A sperm whale finally revealed its location by breaching with a huge splash in the far distance. Our pursuit was thwarted by rougher seas, but not before being waved goodbye by a sperm whale’s fluke. Random sightings of these mammals are rare, so also capturing the photo ID was a bonus.

While closing our circle around the island of Faial we encountered another single fin whale passing to the north. As the wind strengthened, it was time to head for the harbour. The data scores were better than yesterday, with more encounters and species. Our only zero was on the turtle front – the first time the expedition has failed to record one this year.

More to come…


Update from our volunteer vacation / conservation holiday protecting whales, dolphins and turtles around the Azores archipelago

Update from our volunteer vacation / conservation holiday protecting whales, dolphins and turtles around the Azores archipelago (www.biosphere-expeditions.org/azores)

After a whistle-stop weekend of introductions, briefings and training sessions, our new team were probably not expecting fish food and ‘rock ‘n’ roll’, as they set foot onto the Physeter – our research vessel.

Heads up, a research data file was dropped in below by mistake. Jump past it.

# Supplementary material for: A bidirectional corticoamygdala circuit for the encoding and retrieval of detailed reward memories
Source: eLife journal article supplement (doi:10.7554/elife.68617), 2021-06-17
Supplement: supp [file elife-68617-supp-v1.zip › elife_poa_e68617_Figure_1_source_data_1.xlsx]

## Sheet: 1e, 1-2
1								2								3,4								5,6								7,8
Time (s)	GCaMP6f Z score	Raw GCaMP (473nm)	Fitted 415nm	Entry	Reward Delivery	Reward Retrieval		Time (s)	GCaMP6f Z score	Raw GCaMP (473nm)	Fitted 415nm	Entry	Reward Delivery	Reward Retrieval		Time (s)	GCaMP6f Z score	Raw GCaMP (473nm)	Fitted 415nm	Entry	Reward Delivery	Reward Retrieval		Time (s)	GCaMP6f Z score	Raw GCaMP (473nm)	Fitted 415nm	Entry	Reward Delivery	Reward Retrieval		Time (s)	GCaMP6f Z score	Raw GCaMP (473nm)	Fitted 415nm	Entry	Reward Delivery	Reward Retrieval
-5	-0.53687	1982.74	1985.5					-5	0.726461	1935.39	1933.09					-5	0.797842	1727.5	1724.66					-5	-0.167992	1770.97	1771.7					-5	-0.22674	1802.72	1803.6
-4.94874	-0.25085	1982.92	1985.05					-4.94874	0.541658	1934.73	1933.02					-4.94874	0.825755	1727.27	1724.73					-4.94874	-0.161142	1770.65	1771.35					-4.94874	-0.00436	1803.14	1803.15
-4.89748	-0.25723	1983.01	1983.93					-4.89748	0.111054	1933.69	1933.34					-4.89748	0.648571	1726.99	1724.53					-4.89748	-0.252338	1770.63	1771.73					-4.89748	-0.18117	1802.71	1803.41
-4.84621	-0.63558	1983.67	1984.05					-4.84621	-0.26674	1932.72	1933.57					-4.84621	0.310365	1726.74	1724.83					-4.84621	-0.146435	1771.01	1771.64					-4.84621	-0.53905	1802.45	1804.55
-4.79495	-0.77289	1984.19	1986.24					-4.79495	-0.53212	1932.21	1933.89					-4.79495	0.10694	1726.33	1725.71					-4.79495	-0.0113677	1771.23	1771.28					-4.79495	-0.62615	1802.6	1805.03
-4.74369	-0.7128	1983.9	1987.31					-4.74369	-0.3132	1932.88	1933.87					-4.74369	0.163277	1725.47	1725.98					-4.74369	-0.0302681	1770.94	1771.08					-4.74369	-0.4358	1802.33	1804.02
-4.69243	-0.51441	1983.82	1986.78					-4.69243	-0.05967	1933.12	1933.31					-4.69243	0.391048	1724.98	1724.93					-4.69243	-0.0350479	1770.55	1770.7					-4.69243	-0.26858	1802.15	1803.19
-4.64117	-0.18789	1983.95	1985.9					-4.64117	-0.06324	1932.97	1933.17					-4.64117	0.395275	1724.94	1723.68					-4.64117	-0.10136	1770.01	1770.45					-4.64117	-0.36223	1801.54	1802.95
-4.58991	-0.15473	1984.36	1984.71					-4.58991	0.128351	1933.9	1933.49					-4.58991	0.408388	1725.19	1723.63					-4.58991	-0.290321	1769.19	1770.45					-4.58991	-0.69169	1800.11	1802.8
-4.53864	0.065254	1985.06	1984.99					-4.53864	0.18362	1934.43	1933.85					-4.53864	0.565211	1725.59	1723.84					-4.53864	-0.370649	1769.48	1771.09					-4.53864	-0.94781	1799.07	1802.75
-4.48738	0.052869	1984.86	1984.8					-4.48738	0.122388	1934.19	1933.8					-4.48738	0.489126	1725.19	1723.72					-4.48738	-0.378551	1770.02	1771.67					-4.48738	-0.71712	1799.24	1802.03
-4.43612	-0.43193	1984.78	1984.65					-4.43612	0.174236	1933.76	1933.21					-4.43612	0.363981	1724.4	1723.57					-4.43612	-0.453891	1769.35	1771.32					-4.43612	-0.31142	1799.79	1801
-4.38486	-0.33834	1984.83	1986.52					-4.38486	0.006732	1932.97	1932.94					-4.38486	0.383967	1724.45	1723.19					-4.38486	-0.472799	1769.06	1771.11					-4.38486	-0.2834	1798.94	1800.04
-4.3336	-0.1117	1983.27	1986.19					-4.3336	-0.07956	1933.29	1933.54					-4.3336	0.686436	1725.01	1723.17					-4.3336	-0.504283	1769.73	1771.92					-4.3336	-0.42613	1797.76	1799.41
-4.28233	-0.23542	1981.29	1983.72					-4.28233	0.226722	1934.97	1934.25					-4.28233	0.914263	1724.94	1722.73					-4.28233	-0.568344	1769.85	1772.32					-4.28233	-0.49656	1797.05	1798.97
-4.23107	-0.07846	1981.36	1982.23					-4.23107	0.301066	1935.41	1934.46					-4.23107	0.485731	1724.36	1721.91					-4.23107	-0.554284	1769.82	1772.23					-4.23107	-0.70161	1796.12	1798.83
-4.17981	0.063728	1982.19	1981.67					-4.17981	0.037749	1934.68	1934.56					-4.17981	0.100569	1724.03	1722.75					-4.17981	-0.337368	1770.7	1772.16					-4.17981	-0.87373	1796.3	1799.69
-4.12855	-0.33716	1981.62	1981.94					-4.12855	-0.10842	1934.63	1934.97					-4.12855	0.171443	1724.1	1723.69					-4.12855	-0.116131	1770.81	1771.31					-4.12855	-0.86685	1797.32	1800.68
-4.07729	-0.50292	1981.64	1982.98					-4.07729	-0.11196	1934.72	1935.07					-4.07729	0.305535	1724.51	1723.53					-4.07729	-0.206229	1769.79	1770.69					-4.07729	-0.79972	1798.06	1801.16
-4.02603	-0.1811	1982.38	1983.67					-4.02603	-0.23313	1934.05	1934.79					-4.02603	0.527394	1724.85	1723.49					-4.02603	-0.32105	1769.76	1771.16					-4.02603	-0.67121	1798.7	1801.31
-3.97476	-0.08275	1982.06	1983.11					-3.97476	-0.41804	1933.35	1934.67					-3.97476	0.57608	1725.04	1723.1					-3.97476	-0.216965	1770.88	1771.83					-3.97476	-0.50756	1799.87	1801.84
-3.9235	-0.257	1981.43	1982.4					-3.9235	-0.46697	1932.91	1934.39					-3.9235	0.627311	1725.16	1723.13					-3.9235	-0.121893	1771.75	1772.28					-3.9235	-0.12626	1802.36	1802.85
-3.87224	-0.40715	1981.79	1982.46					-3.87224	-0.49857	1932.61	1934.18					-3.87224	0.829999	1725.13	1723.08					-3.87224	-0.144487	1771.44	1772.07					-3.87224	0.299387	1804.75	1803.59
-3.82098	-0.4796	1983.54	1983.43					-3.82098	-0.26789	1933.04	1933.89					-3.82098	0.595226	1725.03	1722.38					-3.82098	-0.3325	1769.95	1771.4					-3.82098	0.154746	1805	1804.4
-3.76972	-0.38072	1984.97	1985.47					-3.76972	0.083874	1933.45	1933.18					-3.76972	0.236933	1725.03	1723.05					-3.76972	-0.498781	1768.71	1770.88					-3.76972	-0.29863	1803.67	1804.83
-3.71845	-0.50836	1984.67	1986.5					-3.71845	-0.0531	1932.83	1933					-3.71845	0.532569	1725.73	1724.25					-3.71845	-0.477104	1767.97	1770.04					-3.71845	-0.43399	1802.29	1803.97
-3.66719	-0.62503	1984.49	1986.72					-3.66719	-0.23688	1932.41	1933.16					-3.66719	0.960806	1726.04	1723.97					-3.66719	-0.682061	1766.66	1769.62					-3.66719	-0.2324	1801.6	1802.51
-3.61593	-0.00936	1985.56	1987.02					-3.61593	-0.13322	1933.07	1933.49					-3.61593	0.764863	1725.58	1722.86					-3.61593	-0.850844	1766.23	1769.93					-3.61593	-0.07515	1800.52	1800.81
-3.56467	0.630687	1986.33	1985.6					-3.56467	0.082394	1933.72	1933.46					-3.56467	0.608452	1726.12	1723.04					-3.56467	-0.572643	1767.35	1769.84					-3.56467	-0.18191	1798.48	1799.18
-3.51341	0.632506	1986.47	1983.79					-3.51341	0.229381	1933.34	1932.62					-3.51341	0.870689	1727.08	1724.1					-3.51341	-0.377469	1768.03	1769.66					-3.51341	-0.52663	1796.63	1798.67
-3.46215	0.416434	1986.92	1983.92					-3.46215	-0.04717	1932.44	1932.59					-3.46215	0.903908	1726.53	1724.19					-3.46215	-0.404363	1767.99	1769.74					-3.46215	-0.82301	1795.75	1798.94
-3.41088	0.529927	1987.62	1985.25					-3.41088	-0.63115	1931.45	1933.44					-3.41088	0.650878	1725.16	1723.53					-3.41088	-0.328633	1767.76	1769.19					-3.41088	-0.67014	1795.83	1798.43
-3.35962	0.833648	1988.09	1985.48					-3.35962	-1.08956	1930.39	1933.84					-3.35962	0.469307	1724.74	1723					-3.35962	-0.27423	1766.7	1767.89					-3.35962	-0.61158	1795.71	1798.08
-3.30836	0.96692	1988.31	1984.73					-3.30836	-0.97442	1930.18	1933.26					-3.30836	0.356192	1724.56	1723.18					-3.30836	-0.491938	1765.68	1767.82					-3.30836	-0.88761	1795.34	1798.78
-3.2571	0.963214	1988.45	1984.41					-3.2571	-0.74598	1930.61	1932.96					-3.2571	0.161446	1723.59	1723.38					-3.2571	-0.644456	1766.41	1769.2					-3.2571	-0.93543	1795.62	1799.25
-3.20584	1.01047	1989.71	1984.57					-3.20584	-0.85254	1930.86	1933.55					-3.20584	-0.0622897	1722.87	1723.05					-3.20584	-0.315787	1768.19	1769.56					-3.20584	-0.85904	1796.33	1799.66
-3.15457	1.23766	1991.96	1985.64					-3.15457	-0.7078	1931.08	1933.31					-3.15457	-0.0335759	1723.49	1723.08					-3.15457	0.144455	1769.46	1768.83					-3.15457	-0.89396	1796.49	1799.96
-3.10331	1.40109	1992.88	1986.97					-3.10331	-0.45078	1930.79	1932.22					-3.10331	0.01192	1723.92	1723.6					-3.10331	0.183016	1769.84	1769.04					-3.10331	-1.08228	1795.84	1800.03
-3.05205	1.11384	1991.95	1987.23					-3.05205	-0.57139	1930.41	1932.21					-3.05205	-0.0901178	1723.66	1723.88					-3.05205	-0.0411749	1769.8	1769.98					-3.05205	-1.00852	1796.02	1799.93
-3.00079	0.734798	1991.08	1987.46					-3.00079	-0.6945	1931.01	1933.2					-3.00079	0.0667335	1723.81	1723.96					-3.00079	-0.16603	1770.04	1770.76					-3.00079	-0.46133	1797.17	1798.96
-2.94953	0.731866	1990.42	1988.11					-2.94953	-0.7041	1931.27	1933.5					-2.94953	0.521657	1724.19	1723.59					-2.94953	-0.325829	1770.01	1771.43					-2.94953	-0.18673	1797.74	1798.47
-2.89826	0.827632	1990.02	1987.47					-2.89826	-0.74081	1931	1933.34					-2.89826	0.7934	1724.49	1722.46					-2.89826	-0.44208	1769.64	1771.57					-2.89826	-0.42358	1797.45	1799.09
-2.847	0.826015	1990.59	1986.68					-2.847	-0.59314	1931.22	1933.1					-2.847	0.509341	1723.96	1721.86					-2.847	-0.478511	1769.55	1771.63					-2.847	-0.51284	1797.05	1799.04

The whales were playing ‘hard to get’, and the dolphins were a ‘no show’ for whole afternoon at sea. We eventually tracked down two fin whales, whose constant diving made them even harder to locate in the rise and fall of the large swell. As the boat pitched, rocked and rolled, any romantic notions of cetacean watching in calm sun-kissed seas quickly evaporated from the minds of many – replaced with the nauseous reality.

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Momentary distraction and the highlight of the day came in the form of a captured loggerhead turtle. This sizeable specimen was tagged (in the hope of recording future movements), vital statistics taken and returned to its ocean home.